I'm personally a religious Roman Catholic, but I'm going to present it from an impartial stance. Oh, and bear in mind that this does not apply to all atheists/theists, in fact only a few, as most are benevolent in their words and willing to discuss things with an open mind. I also understand that other atheists may not have a religion simply because they feel like they do not need one. However, the narrow-minded seem to be the most outspoken, so here we go.
So let's start off by looking a theist standpoint. Theists look at the world, and think to themselves, "Gee, how in the world was this stuff made? How is the earth so perfect for life? Definitely not by anything we can even begin to understand." So theists believe there is a supreme force, namely, God(s).
Now, let's look at the atheist standpoint. Atheists look at the world, and how it is created. They see physics, astronomy, molecular physics, and other sciences, and think to themselves, "This planet is impressive, but we can prove it's creation and the way it works, bit by bit, using logic." Seeing no need for a God to back up their beliefs, they choose not to have one. Hey, why pack extra socks for a weekend trip when you already have 15 pairs?
Now, imagine a group gathering, where atheists and theists, both side a bit extreme in their views are having a theological discussion.
The atheists look at the theists, and say, "What irrational people. They use their God to get away with stuff, all for this 'heaven.'" So atheists consider themselves superior to theists.
Theists, on the other hand, look at the atheists, and wonders, "Why live your life and have nothing to look forward to? Why be so ignorant to believe that humans can truly comprehend all of the happenings in the universe?" Now theists believe they are the superiors to atheists.
Atheists think to themselves, "What logic is there in theism? Since science can be proved and religion can't be proved, why believe in something not proved rather than something that already is proved." Theists reply, "So how did it happen that we are here, alive, breathing, and living organisms, on a perfect planet?" Atheists reply, "Evolution." Theists reply, "Really, then how did evolution begin?" Atheists go on about inorganic molecules, while theists are discussing the improbability of it. Atheists, then, point out, "Just because something is improbable doesn't mean it is impossible. Evolution from inorganic molecules at least is backed by scientific fact. Your God isn't." And the theists are silenced.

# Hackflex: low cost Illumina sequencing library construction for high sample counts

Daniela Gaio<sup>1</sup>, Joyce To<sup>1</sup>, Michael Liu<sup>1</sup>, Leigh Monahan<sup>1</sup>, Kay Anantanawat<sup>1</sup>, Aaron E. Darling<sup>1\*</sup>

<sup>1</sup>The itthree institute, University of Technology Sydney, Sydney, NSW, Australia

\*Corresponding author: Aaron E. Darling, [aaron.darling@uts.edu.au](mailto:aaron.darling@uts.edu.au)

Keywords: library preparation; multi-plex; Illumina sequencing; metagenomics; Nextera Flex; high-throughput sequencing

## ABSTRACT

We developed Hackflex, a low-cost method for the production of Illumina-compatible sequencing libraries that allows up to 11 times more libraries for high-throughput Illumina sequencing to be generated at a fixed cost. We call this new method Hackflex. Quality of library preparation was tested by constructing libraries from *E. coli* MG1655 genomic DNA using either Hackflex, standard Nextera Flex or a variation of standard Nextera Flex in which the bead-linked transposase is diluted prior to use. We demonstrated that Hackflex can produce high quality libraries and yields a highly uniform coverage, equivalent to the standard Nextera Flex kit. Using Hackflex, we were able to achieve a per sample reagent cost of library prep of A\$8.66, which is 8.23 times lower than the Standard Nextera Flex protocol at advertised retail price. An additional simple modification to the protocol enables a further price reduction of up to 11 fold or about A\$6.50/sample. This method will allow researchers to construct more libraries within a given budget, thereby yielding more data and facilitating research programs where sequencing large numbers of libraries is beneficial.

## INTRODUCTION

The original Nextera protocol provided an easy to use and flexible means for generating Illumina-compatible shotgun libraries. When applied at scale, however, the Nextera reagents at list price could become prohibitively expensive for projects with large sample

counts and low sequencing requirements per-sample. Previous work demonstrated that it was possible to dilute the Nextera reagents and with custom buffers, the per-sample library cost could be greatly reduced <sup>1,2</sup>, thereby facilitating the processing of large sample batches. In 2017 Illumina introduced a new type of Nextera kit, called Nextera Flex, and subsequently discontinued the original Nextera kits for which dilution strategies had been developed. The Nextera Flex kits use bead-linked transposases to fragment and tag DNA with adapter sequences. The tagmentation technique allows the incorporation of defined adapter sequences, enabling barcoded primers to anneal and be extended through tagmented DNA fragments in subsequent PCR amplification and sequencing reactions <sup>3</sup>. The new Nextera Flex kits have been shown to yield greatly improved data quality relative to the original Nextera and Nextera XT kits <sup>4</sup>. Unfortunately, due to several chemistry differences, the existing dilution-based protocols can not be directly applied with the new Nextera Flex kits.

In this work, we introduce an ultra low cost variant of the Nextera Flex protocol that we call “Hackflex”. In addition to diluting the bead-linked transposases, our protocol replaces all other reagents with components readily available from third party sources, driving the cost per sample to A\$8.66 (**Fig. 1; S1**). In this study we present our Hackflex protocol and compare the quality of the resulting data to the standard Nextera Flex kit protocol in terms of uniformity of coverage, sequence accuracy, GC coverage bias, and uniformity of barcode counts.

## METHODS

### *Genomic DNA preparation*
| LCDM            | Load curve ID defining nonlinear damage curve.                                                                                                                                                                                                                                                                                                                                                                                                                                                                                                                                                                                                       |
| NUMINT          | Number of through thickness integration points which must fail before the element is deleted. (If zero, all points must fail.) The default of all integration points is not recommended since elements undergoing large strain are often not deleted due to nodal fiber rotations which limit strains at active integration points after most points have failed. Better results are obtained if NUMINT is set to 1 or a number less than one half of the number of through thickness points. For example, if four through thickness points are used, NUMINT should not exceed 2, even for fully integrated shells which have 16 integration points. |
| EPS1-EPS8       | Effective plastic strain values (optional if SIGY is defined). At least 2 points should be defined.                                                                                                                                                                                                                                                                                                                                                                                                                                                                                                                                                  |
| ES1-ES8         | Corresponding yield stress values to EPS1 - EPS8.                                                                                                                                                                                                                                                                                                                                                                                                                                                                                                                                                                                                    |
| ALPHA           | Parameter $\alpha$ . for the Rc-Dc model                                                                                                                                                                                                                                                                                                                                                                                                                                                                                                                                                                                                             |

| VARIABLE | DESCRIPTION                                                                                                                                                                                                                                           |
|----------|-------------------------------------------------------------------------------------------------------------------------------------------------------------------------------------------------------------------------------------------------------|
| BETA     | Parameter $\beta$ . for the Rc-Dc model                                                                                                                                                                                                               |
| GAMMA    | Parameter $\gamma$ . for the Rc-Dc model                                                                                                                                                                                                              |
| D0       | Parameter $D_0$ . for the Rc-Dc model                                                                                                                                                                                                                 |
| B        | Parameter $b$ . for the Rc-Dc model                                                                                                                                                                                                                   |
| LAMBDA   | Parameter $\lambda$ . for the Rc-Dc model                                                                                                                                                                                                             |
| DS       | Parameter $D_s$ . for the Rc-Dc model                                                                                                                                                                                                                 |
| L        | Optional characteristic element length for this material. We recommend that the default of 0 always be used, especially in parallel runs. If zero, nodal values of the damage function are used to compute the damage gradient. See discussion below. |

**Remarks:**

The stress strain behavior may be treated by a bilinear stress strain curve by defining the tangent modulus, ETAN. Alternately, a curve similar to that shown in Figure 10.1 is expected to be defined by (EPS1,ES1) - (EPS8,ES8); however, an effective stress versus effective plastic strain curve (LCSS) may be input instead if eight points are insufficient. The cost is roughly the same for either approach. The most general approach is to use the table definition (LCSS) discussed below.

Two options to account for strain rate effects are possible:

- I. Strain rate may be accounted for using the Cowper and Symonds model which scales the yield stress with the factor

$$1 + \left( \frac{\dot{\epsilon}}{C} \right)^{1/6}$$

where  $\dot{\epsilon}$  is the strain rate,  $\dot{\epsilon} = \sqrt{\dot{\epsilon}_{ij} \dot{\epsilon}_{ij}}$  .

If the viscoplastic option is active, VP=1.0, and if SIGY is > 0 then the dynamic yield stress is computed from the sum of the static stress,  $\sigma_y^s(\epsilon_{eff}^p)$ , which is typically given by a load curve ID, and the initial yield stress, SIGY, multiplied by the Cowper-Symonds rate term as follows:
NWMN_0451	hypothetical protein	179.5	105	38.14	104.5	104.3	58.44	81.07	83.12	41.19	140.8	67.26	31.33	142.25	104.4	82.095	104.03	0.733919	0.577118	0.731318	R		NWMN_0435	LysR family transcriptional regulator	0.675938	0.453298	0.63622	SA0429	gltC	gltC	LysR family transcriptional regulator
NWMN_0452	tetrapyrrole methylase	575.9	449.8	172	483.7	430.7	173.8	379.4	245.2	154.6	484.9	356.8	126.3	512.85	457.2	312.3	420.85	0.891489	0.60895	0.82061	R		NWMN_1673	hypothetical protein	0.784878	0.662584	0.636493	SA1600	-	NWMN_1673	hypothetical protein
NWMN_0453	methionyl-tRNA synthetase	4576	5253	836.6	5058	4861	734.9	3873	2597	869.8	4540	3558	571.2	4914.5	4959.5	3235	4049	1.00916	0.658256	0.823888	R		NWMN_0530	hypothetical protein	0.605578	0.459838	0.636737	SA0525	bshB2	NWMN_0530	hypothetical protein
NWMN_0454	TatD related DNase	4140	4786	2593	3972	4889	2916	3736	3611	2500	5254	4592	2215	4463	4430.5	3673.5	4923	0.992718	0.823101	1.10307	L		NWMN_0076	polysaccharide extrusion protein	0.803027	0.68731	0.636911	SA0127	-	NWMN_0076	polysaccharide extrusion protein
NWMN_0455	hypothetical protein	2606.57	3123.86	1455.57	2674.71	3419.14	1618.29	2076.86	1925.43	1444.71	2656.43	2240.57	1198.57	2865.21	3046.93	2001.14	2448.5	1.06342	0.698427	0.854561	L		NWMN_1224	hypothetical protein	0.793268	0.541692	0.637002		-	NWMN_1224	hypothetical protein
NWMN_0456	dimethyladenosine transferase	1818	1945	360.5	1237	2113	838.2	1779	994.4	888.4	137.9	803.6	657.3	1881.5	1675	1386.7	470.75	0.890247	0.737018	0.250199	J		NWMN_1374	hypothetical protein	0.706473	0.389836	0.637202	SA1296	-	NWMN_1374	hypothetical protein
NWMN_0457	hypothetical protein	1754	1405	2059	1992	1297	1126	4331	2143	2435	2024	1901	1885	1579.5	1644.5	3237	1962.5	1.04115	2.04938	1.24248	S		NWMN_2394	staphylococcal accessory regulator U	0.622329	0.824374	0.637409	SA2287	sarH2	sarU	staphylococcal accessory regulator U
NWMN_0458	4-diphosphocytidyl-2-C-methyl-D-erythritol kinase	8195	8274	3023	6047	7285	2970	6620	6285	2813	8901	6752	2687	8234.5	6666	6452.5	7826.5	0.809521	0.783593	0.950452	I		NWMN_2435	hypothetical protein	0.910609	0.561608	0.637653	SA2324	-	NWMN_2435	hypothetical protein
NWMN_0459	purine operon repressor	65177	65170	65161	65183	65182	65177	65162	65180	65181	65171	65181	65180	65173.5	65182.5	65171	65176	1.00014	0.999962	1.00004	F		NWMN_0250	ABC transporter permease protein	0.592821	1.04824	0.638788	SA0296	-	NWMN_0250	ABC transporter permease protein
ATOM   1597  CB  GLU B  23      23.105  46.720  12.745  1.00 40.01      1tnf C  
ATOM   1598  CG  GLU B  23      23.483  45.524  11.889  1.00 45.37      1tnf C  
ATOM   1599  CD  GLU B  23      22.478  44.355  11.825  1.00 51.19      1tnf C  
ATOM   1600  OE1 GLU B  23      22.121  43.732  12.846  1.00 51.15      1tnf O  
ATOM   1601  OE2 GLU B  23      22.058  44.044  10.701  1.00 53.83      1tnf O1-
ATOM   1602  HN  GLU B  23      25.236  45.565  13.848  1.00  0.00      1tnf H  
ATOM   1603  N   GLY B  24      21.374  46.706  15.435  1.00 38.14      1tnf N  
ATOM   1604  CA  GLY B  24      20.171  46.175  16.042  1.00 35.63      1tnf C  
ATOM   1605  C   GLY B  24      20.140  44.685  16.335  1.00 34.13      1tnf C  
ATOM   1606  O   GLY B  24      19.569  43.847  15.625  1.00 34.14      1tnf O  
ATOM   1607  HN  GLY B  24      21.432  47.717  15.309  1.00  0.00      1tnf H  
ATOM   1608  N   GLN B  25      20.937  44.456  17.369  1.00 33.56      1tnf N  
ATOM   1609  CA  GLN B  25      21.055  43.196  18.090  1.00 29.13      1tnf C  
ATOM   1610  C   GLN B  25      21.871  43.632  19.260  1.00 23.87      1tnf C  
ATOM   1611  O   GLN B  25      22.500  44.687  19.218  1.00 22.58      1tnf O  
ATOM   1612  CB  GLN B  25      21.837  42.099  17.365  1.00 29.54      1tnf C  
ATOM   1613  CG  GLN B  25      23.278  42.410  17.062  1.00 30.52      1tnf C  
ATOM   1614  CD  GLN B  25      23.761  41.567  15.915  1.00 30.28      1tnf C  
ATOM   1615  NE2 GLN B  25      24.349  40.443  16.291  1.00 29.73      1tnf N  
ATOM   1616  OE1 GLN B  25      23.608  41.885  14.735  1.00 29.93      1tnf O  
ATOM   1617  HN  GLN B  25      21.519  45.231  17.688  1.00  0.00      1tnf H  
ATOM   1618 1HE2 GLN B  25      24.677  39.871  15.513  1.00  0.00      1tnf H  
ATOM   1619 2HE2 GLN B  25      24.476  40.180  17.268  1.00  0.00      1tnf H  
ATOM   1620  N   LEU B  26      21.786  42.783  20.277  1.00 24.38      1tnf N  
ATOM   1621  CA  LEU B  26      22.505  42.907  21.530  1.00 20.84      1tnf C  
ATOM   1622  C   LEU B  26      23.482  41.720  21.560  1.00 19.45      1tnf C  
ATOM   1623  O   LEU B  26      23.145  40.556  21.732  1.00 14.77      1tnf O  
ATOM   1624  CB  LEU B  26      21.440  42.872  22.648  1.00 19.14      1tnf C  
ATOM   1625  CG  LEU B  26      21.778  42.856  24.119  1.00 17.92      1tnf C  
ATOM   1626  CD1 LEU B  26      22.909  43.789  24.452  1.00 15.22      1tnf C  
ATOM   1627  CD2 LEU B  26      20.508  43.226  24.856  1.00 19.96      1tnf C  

But the theists aren't done yet. "Okay, so how did the universe originate? The Big Bang? How did that begin?" Atheists reply, "A superexplosion of a molecule, forming in the lucky organization of atoms, molecules, and eventually, macromolecules." Theists then reply, "Then how on earth did the molecules somehow manage to arrange themselves in their current form." "Simple polar/non-polar bonding rules," the atheists shoot back. The theists then reply, "So how did the molecule that formed the universe come into existence? There had to be something before the Big Bang." The atheists reply, "At least the Big Bang makes more scientific fact than a god." Theists counter with, "Really? On whose research, our own imperfect one?" And the atheists this time hesitate to reply back.
The atheists, however, aren't going to back down. "Okay, if your God truly is perfect, then why does he allow death and horrors?" The theists reply, "It is His will." The atheists have heard this one before. "Oh, so is it his will for murders, diseases, and horror to occur? If that is the case, he is not benevolent like you say he is. If, on the other hand, he can't stop it, then he is not omnipotent. Either way, if one of them is the case, then your God isn't real." The theists, in turn, say, "He is more like a father who allows his son to ride a bike. Every time the boy falls, he gets back up and is now a better biker. It's called experience, and is meant to strengthen one, not diminish one." The atheists, having heard this before, says "We assume a father isn't omnipotent. Why can't God stop these horrors." One of the theists, a Christian, replies, "This is one of the reasons [Christian[s call our God the Father." Both sides stop to reflect on this, but not for long.
Now, the argument is growing heated. A few of the theists say "You atheists are depressing. Where do we go after life?" The atheists reply, "We encounter nothingness. We have nothing to keep us going. You theists, on the other hand, are to much of wussies to believe in a real death." The theists reply, "If we are wrong, then we have nothing to lose. We may have wasted our time praying, but we have done other things to produce goodness for mankind. If we are right, however, you have everything to lose." However, the atheists persist with their argument, and the theists persist with theirs. The argument is now irrational, with the atheists calling the theists war-like and the theists reminding the atheists of Adolf Hitler. The logic preached by both sides is all but gone.
So what is the moral of my story? That there is a counter-argument to every argument, even in religion. When one side believes there is no other counter-argument, irrationalities occur. My point is, don't let people shake you and call your religion (or lack of it) irrational and inferior to your viewpoints. Hold close to it, and don't force it upon others. Remember - you are not inferior or superior to one another because of your religion/secularism. As the old Islam saying goes, "To each, his own religion."